W.C. Clark left Triple Threat in mid-1978, and Stevie renamed the band "Double Trouble." He then asked drummer Chris Layton to join the band. After an embarrassing post-show incident with drunken Lou Ann, Stevie became the new lead singer and guitar player after he fired her. Around this time, he hired a management company called "Classic Management" that consisted of manager Chesley Milikin, and financial assistant, Frances Carr.
Stevie's drummer at the time, Chris Layton, stayed with him. After almost four years, Jackie Newhouse was dropped from the band in the spring of 1981, and bass player Tommy Shannon decided he wanted in. In turn, he was asked to join Double Trouble. The first show with the new trio format band was at Joe Ely's annual Texas Tornado Jam, a music festival featuring a host of local bands held at the Manor Downs Racetrack, just outside of Austin. The Fabulous Thunderbirds were after Stevie and Double Trouble.
Mick Jagger from The Rolling Stones saw a tape of the show and liked what he saw. He asked Stevie and his band to play a private party hosted by The Rolling Stones at the Danceteria club in New York. After the show, Mick and guitar player Keith Richards talked to the band about getting them a record deal. It never went through, however, and they went back to Texas.
Jerry Wexler, record executive from Atlantic Records, saw the band playing at a record release party for Lou Ann Barton's new position as singer for Roomful of Blues. He recommended that the band play the Montreux International Jazz Festival in Switzerland. Manager Chesley Milikin put in a call to Claude Nobs, the host of the Montreux Jazz Festival and would be the first unsigned act to perform at the festival.
The band was booked on a jazz acoustic night, a setup that involved an upright bass, piano, and generally soft music. The loud and powerful sound of Stevie and Double Trouble shocked the staid crowd. After a few songs, the gig seemed headed for disaster, as some of the audience members booed. Larry Graham, from Sly & The Family Stone was looking forward to an encore with the band, but unfortunately, it never happened.
As the band was backstage, devastated and disappointed, David Bowie and Jackson Browne, two celebrities in the audience approached them to say they had liked what they heard. Browne offered the band 72 hours of free studio time at his own studio in downtown Los Angeles. David Bowie also invited Stevie to play on his upcoming album, Let's Dance, co-produced by Nile Rodgers.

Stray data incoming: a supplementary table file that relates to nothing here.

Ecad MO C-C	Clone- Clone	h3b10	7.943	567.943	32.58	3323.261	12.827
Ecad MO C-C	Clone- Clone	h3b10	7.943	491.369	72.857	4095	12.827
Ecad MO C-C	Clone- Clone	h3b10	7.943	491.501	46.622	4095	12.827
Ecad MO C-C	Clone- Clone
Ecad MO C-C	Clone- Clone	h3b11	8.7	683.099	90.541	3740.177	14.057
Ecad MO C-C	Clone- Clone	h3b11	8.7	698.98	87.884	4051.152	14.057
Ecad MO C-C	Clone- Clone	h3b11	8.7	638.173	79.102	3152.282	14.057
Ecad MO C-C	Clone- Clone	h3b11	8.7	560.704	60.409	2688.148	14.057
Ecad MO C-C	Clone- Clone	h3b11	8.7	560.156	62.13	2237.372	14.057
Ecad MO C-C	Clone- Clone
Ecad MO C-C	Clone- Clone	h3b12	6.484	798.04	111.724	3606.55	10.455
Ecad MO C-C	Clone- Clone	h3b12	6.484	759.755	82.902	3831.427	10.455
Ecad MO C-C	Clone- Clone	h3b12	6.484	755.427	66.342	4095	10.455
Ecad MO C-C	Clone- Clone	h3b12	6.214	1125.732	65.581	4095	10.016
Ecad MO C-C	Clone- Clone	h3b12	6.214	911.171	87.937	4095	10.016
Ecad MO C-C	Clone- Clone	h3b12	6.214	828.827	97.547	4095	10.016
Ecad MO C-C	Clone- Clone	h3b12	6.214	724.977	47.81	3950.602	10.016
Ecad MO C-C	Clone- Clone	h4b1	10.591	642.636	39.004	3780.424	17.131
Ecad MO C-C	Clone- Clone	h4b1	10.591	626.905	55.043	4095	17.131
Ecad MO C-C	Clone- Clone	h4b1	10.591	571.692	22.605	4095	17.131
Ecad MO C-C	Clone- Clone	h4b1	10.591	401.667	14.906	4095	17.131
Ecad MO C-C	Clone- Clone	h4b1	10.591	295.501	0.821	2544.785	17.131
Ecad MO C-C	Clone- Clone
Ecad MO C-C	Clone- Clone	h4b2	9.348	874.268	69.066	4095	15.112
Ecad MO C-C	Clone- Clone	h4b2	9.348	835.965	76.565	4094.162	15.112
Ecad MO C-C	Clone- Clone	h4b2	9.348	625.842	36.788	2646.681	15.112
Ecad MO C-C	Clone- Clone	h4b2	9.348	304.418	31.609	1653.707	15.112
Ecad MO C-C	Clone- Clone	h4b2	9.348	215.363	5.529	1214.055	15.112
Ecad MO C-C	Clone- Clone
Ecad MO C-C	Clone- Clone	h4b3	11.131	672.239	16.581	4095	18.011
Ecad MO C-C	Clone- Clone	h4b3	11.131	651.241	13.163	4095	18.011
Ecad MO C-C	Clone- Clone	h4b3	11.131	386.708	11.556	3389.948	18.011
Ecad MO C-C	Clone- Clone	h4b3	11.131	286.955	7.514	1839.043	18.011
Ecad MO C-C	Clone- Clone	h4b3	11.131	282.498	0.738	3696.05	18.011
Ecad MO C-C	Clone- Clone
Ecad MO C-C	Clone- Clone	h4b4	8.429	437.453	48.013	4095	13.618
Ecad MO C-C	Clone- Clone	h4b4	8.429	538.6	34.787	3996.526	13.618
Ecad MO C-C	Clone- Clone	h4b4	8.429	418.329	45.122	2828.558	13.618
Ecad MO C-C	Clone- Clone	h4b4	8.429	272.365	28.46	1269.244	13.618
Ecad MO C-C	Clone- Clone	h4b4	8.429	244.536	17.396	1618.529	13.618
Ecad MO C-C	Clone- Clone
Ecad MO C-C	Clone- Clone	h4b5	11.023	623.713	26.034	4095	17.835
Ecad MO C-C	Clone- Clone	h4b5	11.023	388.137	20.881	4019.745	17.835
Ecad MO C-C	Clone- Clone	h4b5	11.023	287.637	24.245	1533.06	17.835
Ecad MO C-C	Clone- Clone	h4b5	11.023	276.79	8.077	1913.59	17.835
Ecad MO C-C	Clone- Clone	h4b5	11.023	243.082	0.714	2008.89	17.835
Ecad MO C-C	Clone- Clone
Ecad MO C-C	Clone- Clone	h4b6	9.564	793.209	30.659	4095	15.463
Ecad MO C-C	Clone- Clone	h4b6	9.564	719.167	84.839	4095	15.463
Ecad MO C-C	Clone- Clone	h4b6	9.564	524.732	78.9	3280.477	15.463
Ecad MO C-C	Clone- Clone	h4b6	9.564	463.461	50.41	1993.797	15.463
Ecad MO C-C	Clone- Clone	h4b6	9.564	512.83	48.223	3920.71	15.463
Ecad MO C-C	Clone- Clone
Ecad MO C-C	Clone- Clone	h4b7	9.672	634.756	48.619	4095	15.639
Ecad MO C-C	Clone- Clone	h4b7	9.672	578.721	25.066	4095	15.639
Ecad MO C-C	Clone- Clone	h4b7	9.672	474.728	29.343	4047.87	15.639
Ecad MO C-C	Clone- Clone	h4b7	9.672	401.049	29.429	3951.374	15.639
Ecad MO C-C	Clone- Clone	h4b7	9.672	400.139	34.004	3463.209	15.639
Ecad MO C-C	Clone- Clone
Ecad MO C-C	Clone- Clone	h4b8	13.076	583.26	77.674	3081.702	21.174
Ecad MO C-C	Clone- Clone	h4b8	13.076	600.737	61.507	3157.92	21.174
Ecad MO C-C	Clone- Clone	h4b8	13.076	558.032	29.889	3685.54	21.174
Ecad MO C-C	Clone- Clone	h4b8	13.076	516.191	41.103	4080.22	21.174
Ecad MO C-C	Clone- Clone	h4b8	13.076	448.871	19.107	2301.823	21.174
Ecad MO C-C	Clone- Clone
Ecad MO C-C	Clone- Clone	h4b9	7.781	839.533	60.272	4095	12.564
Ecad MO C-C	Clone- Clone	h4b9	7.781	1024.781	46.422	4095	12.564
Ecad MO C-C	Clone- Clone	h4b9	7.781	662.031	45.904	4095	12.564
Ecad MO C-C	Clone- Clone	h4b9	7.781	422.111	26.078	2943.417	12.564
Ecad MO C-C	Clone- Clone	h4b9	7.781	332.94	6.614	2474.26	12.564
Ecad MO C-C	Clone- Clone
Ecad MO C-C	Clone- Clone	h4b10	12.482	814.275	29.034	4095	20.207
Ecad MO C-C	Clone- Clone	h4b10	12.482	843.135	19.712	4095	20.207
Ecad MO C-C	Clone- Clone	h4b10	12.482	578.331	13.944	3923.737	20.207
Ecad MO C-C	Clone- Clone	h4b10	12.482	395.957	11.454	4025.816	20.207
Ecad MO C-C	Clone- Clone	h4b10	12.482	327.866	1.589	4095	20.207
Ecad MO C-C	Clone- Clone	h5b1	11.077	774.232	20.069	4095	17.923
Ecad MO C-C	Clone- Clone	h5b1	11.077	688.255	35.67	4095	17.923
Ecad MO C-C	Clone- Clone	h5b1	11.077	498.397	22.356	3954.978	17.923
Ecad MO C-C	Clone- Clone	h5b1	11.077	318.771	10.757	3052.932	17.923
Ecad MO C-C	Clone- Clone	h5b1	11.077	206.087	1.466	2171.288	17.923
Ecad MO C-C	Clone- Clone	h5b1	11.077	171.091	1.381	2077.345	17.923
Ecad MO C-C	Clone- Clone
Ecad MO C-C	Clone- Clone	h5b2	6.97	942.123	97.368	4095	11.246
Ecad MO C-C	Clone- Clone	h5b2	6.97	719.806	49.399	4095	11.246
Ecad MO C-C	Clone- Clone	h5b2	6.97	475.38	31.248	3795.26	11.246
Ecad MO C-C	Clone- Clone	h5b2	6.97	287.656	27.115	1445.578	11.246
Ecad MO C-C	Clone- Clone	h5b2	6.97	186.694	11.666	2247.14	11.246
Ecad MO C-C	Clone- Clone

To be able to afford the gasoline to take them to Los Angeles, the band booked a small tour at various clubs like Fitzgerald's in Houston and The Continental Club in Austin. When they finally traveled to Los Angeles during Thanksgiving weekend in 1982, they recorded an album's worth of songs: eight songs the first day; two the next. The band then went back to Texas, where Stevie recorded the vocals at Riverside Sound in Austin.
By 1988, the band was ready to return to the recording studio. For the new record, they traveled to Memphis to record in Ardent Studios, a pro recording studio that has such clientele as ZZ Top, Tina Turner, and Led Zeppelin. Together, old friend Doyle Bramhall and Stevie began writing songs about walking the tightrope to recovery, including "Tightrope", "Wall of Denial", and "Crossfire". The album was named appropriately, "In Step", released on June 6, 1989. "Crossfire" reached the #1 position on the Mainstream Rock Charts. It was the only hit single that they ever had.
In the spring of 1990, Stevie and his brother recorded an album together, one that would feature the music they had grown up with. They recorded at Ardent Studios in Memphis and was produced by Nile Rodgers. The brothers agreed to name it "Family Style". That summer, Stevie and Double Trouble went on tour with British soul singer Joe Cocker, touring places like Alaska and the Benson & Hedges Blues Festival.
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To complete the summer portion of the "In Step" tour, Stevie Ray Vaughan and Double Trouble played two shows on August 25 & 26 at Alpine Valley Music Theatre in East Troy, WI. The shows also featured Eric Clapton, Buddy Guy, and Robert Cray with The Memphis Horns.
After Double Trouble's set at the final show, Vaughan originally planned to return to Chicago by car. Bass player Tommy Shannon and keyboardist Reese Wynans had already departed. The venue was difficult to reach via highway and Vaughan wanted to get back to Chicago to talk to his girlfriend, model Janna Lapidus, who was staying with him at the time.
Tour manager Skip Rickert had hired helicopters from Omni Flights to circumvent congested highway traffic. Most of the seats had already been reserved, but one was available. Vaughan took it.
The helicopters departed at 12:44 a.m. in thick fog. Just past the landing zone was a 200-foot hill. Vaughan's helicopter was piloted by Jeffrey Browne, who was unfamiliar with the flight pattern for exiting the area. He guided the helicopter to about half of the altitude needed to clear the hill before crashing into it. The force of the impact scattered the aircraft over a 200-foot area. The coroner's report stated that Vaughan died of severe loss of blood due to a force-of-impact rupture of the aorta.